I have prepared script files that can bulk upgrade and audit to Revit 2017 the following files:

  • Families
  • Projects (Not Central Files)
  • Templates

Contact Micrographics if you would like a quote to deliver the files and provide training to implement the workflow.


The Apps on Autodesk Exchange do not currently audit when upgrading (I confirmed this):  https://apps.autodesk.com/RVT/en/List/Search?isAppSearch=True&searchboxstore=RVT&facet=__version%3A%3A2017&collection=&sort=&query=upgrade. This is generally not sufficient to most professional users: What option does it leave them with but to spend a long time updating and auditing one project after another (projects are generally orders of magnitude larger than most families and don’t update as quickly).


It is important to audit files: http://help.autodesk.com/view/RVT/2017/ENU/?guid=GUID-5A8746C7-0AC9-41EE-BA21-37A386F2EEA2.


I have seen this in practice where those that don’t have lost a large percentage of their work due to errors down the line. These can be minimised if the upgrade is performed after the first service pack for the new version is released. Auditing not only fixes some errors, but make one aware of issues that need to be attended to as projects and families are upgraded. If the upgrade scripts are run on current versions they will, in effect, audit them.

Revit files that link into other files should be upgraded first as they are upgraded each time within their containing projects (unless they have already been upgraded). There are therefore intelligent decisions within automation that a human can make to expedite the process, although if one were willing to pay a time penalty one could let the computer do the extra (repeated unnecessary work). If any exceptions are encountered the scrip will exit and some human input will be required (if one is working against a deadline then the process must not be unsupervised).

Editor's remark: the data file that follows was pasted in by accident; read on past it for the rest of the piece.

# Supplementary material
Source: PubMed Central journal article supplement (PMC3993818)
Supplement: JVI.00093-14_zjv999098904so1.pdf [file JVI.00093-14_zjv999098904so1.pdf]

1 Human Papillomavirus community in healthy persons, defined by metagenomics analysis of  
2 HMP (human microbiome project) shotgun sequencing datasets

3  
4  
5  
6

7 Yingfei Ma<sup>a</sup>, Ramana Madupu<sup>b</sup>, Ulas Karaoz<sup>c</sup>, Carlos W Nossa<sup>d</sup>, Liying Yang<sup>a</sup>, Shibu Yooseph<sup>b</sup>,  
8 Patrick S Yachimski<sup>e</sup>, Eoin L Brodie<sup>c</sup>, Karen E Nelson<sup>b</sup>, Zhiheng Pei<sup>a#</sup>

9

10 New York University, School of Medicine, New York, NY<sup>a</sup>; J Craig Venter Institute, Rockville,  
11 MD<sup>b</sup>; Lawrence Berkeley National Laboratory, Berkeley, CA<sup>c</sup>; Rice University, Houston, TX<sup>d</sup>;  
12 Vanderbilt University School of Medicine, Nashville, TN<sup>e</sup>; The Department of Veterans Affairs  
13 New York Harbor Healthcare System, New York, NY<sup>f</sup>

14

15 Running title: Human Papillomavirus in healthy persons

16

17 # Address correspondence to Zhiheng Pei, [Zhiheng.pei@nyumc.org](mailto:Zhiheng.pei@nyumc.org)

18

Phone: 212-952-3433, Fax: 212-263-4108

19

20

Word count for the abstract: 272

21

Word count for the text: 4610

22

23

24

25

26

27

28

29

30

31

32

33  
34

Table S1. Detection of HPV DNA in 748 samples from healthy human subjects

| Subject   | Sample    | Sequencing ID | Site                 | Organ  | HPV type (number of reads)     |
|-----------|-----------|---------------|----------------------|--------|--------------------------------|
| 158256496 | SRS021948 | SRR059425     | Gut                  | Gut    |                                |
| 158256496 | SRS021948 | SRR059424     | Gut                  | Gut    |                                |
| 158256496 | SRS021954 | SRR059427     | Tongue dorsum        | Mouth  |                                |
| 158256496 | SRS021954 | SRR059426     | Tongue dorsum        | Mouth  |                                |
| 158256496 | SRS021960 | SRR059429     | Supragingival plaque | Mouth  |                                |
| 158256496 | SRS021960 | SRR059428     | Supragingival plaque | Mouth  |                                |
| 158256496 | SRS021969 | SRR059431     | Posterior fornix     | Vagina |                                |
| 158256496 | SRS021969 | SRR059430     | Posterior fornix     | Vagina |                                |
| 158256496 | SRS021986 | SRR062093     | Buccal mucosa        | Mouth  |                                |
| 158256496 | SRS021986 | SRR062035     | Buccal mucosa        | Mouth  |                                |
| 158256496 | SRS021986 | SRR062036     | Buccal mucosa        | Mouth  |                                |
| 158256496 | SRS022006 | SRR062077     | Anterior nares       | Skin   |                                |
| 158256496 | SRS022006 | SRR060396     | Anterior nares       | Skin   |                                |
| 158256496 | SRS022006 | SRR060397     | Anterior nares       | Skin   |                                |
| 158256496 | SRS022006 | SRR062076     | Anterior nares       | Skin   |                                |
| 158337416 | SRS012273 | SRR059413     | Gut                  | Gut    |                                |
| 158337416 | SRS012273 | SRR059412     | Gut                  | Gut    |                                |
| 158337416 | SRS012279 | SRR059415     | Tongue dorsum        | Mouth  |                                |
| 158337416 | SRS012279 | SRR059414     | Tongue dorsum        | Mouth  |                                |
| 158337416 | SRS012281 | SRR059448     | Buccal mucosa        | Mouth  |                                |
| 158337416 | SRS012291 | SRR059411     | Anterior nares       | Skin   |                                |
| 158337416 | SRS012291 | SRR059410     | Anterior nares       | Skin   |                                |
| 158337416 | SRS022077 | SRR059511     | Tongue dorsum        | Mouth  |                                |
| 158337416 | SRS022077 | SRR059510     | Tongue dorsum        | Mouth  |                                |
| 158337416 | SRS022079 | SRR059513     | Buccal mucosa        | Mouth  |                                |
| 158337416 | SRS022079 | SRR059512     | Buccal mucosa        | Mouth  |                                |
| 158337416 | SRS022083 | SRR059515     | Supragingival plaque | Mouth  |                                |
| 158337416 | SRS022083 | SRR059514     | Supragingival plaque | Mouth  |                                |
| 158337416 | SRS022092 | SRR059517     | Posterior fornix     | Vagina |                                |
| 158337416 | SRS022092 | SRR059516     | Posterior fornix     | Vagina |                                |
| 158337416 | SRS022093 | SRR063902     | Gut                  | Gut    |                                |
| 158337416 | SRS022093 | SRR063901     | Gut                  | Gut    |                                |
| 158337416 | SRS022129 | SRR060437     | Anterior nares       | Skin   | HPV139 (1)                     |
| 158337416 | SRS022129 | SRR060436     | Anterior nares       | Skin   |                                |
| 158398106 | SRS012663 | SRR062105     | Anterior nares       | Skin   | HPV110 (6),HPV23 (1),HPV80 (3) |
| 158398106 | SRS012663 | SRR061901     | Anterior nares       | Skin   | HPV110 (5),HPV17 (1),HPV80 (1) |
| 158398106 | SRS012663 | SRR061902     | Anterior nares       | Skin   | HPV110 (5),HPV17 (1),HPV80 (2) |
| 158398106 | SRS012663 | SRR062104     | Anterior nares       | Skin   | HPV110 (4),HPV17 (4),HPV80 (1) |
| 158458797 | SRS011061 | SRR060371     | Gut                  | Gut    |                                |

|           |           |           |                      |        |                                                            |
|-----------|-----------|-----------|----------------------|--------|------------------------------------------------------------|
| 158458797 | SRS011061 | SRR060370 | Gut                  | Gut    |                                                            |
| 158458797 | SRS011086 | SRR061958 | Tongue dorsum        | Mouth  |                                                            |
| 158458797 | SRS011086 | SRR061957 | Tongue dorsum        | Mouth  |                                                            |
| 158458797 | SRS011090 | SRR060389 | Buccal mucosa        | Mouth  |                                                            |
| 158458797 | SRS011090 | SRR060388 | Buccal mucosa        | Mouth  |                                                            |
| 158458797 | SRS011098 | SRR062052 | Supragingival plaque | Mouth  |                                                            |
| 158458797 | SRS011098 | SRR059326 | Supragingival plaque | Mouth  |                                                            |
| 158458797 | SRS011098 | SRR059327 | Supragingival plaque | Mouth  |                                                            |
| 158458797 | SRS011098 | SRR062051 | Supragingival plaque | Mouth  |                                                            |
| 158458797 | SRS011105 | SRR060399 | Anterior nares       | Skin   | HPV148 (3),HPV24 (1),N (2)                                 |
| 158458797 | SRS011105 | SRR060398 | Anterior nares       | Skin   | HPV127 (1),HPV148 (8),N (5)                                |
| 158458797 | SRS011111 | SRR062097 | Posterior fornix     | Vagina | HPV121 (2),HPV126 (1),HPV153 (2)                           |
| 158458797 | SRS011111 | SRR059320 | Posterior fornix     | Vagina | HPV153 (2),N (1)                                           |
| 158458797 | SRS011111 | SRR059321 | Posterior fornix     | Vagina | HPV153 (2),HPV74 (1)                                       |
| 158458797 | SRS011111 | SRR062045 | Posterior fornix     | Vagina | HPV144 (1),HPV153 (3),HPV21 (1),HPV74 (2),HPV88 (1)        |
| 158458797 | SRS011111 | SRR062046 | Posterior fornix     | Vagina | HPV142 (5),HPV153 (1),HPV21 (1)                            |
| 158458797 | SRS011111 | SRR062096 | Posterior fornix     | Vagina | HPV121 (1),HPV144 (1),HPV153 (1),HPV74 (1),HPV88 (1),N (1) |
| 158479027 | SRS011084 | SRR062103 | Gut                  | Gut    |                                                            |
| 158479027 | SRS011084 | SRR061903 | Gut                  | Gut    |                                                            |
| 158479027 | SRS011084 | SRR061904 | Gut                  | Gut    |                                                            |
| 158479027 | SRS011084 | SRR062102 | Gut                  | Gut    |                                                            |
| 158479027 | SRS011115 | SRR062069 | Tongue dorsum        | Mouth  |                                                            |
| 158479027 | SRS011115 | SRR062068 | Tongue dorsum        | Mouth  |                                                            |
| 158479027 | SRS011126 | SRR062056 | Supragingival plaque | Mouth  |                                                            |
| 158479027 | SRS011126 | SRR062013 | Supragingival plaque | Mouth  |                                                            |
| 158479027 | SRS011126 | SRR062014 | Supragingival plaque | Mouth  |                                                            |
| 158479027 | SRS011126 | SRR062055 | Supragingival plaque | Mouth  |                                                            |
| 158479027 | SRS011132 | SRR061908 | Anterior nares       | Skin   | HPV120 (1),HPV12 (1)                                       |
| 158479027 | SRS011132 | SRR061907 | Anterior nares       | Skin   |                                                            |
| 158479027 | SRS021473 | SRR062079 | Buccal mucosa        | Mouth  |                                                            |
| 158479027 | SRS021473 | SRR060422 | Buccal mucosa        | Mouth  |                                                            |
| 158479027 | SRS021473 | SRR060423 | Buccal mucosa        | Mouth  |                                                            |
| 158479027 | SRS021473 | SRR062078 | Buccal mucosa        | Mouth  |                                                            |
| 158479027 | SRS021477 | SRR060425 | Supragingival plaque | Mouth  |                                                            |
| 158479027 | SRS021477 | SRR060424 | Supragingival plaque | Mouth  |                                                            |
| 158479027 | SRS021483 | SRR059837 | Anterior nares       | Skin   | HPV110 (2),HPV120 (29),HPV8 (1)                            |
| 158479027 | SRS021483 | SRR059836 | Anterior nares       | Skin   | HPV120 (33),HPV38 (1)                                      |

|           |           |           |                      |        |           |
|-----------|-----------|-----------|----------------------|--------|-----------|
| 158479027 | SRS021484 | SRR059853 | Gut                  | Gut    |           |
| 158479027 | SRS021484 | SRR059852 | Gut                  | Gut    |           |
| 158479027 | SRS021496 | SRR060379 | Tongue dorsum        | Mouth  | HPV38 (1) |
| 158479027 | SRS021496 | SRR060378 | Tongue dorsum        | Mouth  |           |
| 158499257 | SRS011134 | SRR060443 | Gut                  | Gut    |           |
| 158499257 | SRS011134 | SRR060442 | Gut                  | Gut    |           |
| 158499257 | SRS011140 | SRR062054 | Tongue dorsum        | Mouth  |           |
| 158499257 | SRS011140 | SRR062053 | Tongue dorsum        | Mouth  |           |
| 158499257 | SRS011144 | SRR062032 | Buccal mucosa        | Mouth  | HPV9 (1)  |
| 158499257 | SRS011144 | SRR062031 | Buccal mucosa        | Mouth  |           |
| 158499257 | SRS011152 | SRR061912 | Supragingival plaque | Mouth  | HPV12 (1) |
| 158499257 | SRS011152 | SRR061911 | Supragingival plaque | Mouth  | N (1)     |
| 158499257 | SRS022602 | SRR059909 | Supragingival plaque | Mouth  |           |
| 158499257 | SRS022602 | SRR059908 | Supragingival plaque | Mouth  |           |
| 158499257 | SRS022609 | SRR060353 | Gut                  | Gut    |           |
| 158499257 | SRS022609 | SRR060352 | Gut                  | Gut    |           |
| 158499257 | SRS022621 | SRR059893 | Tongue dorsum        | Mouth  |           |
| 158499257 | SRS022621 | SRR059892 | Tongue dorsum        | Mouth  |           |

Although the script cannot upgrade workshared files, the following article provides excellent instructions for upgrading them: https://knowledge.autodesk.com/support/revit-products/learn-explore/caas/CloudHelp/cloudhelp/2016/ENU/Revit-Collaborate/files/GUID-3A96685A-13B4-4ED0-9160-C84E95650370-htm.html

While I managed to create these scripts it is not a workflow that I would recommend a novice. Also, there is no guarantee that a Revit journal file from one version will run on the next, but even within the 2017 API I have noticed that journal files won’t easily run to completion when dragged onto a Revit icon any longer. They are also difficult to debug or to find help on.


I am now of the opinion that although it is possible to create script files from journal files, when automating Revit, I would recommend programming against the Revit API using Visual Studio, write a macro or use Dynamo instead.